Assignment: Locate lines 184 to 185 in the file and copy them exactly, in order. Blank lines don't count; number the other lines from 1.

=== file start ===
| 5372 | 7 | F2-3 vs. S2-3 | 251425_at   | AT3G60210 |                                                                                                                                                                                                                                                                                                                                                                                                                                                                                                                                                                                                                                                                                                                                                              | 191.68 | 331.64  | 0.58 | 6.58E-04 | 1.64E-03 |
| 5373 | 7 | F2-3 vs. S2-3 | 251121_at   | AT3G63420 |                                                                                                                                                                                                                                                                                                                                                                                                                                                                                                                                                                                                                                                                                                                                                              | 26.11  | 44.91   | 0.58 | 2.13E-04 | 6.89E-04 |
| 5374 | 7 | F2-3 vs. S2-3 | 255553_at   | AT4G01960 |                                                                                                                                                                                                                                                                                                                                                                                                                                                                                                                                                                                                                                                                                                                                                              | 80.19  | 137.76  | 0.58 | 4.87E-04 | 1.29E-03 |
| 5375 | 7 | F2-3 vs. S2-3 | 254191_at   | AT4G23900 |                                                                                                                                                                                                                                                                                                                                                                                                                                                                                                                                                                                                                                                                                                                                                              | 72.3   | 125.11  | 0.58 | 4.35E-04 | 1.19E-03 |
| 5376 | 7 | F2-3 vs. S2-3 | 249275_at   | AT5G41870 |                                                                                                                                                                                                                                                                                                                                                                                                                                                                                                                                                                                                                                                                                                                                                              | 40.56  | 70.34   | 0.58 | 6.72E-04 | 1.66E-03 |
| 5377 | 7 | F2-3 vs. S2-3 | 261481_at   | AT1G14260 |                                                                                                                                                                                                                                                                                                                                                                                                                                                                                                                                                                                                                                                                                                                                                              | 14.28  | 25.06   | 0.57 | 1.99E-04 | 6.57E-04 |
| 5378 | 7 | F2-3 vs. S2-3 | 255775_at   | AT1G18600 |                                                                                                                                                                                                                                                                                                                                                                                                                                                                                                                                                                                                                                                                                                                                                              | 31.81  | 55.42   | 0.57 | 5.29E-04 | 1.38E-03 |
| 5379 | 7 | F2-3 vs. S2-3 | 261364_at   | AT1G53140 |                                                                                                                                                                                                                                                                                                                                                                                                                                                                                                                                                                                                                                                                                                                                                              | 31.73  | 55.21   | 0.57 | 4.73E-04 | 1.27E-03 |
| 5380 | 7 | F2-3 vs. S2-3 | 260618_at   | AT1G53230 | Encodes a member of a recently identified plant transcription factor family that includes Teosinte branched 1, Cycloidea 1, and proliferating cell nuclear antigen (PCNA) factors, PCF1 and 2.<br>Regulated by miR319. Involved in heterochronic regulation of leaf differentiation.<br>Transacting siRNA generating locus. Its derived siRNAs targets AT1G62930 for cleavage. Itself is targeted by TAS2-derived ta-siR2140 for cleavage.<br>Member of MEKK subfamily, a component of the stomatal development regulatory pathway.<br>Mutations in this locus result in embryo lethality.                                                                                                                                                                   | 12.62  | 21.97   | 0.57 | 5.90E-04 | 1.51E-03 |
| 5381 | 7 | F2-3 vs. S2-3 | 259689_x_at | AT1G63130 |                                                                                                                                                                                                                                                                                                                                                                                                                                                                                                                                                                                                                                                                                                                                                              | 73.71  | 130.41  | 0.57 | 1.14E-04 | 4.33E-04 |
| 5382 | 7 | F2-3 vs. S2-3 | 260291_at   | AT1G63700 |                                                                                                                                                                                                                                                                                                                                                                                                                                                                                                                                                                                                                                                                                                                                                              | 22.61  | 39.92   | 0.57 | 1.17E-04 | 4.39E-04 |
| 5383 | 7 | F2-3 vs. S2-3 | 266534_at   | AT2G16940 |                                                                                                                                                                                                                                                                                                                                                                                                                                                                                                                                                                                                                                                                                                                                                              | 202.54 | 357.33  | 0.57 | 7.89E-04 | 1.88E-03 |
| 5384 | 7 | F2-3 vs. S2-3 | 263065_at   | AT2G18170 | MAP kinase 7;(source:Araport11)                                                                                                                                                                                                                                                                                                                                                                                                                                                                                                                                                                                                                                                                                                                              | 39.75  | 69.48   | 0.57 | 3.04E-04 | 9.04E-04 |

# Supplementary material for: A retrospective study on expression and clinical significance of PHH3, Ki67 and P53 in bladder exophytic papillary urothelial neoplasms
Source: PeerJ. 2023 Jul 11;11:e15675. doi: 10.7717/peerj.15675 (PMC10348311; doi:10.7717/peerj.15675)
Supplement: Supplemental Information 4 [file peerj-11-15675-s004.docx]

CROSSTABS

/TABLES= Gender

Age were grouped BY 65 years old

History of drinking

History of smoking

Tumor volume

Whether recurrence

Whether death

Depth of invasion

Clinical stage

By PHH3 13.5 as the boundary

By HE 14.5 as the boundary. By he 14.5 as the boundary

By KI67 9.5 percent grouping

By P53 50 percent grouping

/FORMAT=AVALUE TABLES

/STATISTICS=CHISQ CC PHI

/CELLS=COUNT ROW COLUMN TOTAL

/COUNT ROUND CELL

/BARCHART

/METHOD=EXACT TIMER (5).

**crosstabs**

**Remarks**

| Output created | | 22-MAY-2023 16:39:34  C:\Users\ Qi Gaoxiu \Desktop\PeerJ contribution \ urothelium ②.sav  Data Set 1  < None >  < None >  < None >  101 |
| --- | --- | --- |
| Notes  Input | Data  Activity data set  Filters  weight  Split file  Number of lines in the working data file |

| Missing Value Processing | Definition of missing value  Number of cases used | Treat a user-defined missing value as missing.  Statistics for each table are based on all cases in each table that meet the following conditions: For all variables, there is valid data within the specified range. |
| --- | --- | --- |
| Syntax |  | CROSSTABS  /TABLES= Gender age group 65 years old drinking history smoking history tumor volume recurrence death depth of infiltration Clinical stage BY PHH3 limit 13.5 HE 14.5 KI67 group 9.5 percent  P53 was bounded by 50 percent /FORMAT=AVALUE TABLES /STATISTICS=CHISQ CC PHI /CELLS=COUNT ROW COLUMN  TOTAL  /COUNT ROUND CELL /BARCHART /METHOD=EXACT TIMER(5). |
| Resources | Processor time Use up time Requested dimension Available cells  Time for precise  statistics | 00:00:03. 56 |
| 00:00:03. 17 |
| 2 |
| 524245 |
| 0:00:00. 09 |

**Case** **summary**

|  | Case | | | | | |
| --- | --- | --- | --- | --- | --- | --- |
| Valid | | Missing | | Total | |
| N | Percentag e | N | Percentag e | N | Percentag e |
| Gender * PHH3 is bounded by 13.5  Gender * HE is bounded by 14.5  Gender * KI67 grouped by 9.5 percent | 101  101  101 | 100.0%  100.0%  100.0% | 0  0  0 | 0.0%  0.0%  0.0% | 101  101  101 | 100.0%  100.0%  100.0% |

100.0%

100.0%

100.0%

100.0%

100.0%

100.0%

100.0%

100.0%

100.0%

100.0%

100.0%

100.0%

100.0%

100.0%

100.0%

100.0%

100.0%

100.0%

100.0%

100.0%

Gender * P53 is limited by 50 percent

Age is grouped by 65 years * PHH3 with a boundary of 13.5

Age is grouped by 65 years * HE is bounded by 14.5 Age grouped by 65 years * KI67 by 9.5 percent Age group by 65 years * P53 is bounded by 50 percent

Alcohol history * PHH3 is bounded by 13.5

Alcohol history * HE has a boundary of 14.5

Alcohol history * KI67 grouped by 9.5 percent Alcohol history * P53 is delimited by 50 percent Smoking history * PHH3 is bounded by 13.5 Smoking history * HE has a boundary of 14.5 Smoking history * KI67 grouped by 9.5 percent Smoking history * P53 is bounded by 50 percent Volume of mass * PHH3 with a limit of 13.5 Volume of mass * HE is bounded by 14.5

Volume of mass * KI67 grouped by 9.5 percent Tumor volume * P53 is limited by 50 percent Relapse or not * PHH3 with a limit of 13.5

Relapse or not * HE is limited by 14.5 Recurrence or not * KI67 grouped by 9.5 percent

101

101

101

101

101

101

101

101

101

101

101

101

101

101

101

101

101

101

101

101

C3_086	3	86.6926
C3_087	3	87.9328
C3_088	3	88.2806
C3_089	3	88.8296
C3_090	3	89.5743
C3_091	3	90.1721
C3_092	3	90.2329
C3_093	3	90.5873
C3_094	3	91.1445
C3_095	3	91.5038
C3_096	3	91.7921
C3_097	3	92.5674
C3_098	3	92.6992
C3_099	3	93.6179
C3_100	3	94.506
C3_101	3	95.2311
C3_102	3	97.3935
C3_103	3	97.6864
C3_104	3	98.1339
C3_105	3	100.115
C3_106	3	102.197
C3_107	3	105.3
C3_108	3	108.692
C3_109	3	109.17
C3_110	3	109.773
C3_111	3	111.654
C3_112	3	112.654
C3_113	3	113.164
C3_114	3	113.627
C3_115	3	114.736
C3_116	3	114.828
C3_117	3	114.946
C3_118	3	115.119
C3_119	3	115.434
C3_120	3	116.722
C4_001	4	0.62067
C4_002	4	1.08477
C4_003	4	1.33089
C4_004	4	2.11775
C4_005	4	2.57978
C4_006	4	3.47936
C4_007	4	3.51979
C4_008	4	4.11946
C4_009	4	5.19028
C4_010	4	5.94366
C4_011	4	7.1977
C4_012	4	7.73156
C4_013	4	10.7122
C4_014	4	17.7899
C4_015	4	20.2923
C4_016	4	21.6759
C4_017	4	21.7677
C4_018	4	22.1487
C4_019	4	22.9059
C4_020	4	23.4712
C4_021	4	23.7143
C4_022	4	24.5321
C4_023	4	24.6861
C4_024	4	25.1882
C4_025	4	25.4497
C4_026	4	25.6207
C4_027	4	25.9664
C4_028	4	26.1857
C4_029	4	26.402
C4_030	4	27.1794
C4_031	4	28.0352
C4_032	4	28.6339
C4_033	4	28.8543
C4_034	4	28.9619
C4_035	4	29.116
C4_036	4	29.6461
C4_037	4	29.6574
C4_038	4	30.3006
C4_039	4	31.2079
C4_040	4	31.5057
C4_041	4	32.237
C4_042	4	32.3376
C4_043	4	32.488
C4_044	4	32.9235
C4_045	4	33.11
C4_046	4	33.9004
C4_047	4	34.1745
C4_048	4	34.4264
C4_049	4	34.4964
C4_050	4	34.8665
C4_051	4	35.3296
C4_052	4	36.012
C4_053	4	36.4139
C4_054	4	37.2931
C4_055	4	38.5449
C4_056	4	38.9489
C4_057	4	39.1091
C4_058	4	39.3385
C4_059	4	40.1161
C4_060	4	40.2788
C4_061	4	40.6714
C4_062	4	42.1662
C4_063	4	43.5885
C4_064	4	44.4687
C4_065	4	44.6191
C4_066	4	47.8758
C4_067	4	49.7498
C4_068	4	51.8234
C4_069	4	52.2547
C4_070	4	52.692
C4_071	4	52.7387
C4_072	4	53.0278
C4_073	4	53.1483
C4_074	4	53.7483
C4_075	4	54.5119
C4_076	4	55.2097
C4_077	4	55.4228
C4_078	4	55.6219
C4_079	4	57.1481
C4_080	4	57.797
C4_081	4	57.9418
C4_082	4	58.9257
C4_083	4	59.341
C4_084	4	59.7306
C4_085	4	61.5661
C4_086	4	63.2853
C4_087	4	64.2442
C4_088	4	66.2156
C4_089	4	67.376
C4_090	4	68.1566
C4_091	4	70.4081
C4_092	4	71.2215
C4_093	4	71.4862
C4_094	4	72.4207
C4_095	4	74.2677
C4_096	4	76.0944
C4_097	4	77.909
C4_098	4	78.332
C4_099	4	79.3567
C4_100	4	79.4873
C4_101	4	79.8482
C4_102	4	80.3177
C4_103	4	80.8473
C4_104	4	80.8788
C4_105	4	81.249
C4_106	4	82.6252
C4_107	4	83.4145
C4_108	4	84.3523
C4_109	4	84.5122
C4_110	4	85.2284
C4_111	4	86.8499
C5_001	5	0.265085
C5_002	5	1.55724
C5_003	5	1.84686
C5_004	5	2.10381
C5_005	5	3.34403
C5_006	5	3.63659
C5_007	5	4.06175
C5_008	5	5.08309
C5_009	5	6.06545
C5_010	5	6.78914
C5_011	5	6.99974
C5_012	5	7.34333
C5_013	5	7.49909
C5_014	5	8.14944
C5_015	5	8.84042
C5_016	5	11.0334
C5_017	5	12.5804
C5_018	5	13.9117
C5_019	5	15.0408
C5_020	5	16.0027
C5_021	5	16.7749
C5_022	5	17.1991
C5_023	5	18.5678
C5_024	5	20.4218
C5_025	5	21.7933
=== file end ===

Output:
C4_046	4	33.9004
C4_047	4	34.1745